In presenting the Bill the noble Lord, Lord Avebury, dealt mainly with British citizens of Indian origin in East Africa. My references to them will be comparatively brief. I was in East Africa at the time when Uganda, Kenya, and Tanzania were granted independence. With Indira Gandhi, who is now the Prime Minister of India, and with the support of Pandit Nehru, who was then Prime Minister, I addressed large meetings of Indians urging them to accept the advice of their own leaders that they should become citizens of the territories in which they resided. A large number did so. A minority did not, preferring to rely upon their British citizenship and their right to hold British passports which would protect them in movement and allow them to come to this country. I pay tribute to the action of this country when in the most cruel way the Head of State in Uganda expelled the Indian population, although there are still some difficulties about their resettlement.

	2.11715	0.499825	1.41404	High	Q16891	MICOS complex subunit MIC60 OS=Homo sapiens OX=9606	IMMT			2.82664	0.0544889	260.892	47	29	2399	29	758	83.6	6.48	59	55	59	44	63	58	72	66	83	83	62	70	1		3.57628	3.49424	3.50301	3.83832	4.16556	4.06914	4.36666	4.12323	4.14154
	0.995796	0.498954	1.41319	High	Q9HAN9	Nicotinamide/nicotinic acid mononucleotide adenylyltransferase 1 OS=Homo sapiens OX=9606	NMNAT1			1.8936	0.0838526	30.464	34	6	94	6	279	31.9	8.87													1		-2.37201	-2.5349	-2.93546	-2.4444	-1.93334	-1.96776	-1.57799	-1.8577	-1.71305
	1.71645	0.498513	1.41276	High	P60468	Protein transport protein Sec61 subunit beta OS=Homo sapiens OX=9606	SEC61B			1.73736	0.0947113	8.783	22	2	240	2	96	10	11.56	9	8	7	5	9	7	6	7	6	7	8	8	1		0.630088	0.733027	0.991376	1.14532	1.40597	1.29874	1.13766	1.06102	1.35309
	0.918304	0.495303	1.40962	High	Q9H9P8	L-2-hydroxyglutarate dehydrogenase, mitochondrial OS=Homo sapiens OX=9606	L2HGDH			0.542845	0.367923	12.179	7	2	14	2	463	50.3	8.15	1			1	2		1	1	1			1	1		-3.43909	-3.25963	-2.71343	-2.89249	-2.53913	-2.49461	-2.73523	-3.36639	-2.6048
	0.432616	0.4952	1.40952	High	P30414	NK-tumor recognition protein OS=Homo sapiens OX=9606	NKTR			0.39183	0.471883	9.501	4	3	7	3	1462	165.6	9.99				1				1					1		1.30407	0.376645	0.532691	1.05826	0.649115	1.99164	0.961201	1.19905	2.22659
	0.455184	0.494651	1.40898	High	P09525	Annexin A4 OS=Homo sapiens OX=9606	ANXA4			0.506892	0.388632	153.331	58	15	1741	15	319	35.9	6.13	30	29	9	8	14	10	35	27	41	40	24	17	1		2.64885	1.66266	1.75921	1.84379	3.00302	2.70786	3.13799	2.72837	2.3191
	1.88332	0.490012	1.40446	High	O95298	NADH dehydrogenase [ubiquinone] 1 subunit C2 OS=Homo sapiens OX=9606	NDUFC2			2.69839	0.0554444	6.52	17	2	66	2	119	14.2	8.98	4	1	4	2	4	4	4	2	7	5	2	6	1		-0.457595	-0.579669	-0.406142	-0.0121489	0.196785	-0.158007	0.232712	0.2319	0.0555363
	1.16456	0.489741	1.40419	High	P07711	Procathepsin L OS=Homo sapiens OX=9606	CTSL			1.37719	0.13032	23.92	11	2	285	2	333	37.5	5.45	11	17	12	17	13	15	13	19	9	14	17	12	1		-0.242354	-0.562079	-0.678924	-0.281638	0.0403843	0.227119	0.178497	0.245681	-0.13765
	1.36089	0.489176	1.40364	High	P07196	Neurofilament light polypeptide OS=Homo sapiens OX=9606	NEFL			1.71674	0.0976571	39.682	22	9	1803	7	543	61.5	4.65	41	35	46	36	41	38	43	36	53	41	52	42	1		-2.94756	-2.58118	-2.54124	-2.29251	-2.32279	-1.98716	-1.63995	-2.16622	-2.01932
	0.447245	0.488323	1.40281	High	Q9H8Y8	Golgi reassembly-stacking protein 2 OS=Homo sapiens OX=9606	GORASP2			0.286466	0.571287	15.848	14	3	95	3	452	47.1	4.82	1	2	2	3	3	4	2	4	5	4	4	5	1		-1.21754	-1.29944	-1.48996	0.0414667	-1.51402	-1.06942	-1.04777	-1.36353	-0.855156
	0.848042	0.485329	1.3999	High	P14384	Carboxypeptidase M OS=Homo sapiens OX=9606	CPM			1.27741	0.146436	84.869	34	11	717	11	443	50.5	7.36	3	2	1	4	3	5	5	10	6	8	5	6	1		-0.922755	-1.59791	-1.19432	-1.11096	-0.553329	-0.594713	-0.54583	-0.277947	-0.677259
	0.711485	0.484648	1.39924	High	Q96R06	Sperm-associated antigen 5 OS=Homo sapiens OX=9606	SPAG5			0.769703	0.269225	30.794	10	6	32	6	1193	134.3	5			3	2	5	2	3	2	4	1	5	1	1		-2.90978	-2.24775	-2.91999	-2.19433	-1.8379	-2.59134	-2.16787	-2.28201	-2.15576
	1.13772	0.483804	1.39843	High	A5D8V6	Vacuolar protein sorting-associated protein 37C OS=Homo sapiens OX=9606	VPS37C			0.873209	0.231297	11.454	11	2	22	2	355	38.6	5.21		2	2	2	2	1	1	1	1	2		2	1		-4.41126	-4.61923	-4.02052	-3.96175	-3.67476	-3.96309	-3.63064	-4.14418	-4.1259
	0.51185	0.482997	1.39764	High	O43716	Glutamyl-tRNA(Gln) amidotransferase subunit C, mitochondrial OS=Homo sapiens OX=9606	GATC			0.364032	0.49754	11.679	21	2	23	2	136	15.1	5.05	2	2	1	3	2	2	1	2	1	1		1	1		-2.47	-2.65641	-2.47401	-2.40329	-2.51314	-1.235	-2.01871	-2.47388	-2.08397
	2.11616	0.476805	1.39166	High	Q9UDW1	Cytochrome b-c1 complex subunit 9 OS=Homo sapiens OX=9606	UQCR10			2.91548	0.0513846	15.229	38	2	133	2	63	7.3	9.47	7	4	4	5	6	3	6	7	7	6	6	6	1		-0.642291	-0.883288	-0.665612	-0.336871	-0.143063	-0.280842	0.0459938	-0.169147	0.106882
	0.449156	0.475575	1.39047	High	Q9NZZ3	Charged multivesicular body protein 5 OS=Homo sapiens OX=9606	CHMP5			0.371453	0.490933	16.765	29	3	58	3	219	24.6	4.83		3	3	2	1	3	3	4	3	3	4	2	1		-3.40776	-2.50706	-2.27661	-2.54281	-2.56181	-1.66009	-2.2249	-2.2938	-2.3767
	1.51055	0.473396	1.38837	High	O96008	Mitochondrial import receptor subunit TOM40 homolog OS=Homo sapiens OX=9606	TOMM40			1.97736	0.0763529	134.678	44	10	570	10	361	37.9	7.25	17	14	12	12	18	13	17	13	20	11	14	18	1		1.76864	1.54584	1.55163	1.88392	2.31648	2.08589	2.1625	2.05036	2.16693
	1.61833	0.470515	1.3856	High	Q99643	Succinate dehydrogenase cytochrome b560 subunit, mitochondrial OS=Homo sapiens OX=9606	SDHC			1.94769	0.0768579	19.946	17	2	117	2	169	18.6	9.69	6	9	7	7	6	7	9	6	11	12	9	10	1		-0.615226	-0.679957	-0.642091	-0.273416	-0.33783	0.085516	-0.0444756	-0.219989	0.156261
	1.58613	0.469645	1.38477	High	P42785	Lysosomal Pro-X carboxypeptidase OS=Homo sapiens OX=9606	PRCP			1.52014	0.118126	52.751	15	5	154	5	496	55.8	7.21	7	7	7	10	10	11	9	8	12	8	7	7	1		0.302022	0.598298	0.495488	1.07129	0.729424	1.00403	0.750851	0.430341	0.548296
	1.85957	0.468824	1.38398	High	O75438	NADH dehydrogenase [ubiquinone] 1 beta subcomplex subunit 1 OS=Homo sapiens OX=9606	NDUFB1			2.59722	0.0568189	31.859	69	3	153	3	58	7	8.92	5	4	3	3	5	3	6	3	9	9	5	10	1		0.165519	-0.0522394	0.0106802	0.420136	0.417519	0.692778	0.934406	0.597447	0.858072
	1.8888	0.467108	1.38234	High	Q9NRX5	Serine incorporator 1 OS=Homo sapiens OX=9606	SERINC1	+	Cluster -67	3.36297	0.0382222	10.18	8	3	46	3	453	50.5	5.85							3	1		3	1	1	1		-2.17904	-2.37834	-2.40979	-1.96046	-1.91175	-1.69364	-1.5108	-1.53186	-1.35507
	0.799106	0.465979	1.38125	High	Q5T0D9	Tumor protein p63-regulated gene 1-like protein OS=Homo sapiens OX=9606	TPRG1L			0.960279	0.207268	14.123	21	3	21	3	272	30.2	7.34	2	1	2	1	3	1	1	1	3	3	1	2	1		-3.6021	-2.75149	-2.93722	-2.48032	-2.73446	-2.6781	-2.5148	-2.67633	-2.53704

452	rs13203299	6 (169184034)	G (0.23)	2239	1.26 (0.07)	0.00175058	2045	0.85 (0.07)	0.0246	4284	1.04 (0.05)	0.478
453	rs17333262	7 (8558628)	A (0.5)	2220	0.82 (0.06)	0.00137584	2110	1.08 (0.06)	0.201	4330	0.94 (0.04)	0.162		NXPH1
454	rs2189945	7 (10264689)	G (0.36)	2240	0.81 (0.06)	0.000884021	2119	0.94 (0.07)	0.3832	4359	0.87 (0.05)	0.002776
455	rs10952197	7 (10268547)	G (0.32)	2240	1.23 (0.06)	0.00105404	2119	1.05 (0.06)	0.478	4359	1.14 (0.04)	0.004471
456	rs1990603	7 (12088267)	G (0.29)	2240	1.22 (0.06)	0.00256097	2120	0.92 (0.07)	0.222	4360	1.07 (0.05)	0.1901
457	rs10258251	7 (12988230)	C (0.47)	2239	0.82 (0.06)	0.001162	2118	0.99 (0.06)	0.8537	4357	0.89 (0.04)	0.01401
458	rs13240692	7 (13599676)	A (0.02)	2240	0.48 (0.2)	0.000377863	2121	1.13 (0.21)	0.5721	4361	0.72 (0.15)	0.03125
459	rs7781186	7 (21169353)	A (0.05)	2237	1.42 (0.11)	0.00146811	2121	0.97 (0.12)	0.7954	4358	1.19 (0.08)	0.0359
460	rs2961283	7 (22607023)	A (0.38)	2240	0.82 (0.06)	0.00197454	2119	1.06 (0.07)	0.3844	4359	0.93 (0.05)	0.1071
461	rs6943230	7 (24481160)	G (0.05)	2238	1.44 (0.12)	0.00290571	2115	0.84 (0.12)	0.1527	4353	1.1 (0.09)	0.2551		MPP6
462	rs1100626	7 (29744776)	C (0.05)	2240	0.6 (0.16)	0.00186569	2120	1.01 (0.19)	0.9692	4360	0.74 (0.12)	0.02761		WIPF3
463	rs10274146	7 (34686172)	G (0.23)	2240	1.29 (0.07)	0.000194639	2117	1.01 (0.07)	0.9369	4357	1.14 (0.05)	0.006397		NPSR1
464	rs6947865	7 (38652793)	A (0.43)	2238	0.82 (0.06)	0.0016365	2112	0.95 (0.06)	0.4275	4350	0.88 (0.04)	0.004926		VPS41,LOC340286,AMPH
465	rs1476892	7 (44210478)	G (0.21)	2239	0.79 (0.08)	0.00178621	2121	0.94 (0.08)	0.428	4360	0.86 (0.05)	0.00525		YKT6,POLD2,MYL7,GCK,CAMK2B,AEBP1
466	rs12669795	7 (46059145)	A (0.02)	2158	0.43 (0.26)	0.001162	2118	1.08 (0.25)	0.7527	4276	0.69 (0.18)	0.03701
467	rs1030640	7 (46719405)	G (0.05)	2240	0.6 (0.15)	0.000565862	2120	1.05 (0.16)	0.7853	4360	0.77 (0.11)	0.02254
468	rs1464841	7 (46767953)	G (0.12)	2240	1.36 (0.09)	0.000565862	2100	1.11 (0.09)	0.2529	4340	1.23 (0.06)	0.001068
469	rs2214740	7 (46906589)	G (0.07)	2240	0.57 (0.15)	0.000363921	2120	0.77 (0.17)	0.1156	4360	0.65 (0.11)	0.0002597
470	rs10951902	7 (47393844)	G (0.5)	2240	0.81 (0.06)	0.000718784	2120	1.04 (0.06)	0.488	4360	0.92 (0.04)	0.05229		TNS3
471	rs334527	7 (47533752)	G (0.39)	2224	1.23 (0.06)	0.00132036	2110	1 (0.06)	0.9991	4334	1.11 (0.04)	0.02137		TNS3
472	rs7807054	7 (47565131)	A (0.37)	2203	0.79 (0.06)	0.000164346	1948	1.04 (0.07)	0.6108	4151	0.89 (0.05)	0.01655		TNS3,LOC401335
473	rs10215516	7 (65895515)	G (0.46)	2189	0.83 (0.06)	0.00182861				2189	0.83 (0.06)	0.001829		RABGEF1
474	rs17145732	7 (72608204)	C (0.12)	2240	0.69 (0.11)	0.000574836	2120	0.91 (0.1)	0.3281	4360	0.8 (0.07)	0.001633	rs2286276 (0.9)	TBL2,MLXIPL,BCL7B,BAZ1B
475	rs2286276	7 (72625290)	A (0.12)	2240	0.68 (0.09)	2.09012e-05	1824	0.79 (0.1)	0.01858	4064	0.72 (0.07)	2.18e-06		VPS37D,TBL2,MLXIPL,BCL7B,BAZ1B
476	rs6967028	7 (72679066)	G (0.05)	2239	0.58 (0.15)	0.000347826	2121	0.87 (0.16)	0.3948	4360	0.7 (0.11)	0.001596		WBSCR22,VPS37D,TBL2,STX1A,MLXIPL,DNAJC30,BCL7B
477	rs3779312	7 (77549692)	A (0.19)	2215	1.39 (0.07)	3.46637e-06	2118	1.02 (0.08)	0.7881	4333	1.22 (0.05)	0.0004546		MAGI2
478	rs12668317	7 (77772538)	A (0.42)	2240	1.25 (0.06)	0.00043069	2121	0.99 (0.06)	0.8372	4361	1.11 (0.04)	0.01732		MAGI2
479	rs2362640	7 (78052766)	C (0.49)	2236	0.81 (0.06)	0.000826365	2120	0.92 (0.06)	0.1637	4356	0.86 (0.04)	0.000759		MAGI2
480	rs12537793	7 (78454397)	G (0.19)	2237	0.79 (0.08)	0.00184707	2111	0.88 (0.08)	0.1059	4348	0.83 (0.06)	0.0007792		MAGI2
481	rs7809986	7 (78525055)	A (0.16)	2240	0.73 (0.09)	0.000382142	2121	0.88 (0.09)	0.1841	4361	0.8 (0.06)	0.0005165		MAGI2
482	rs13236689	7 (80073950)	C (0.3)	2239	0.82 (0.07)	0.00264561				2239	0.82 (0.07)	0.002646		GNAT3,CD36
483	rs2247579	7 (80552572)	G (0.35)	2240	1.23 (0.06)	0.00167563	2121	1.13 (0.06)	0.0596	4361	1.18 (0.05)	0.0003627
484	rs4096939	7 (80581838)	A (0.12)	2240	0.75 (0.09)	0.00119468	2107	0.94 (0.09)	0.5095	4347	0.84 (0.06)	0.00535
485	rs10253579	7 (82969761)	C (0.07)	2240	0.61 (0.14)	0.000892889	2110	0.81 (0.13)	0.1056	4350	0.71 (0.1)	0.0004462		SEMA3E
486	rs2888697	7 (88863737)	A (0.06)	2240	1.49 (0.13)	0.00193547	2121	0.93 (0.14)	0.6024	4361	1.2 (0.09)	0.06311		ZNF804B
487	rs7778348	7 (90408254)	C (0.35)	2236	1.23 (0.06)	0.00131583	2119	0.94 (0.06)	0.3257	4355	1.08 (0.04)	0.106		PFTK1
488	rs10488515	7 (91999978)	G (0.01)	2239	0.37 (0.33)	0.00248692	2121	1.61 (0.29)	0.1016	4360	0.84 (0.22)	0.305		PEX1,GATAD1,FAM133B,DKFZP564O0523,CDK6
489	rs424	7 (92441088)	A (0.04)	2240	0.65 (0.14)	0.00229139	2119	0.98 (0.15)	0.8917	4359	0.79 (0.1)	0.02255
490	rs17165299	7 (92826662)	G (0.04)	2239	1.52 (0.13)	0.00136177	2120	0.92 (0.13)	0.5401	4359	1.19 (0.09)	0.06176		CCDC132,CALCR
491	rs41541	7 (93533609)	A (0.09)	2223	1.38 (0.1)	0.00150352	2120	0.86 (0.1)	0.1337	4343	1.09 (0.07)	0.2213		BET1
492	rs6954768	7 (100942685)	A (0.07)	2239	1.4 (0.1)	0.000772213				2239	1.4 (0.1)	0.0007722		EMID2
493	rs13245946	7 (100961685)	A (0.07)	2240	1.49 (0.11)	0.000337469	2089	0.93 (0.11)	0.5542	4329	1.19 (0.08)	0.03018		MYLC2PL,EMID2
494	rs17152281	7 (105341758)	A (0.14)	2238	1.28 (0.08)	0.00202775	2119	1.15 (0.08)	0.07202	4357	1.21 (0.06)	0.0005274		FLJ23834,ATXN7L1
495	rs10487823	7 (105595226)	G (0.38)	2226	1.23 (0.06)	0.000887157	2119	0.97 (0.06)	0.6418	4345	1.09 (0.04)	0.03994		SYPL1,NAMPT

In Kenya the principle was adopted by the Government that the first priority in trade and in jobs should go to those who were Kenya citizens, not only Africans but the Indian population who had accepted Kenyan citizenship. Those who did not were denied the opportunity to trade, denied the opportunity to work, denied all opportunities of gaining a livelihood. That was a cruel step to take. They held British passports. They were entitled to come to this country. But the argument was put forward that if they came here in the large numbers which were excluded from gaining a livelihood in Kenya, there would be an extent of immigration which would destroy our community relations and be a severe burden upon our social services, upon our health facilities and upon our education.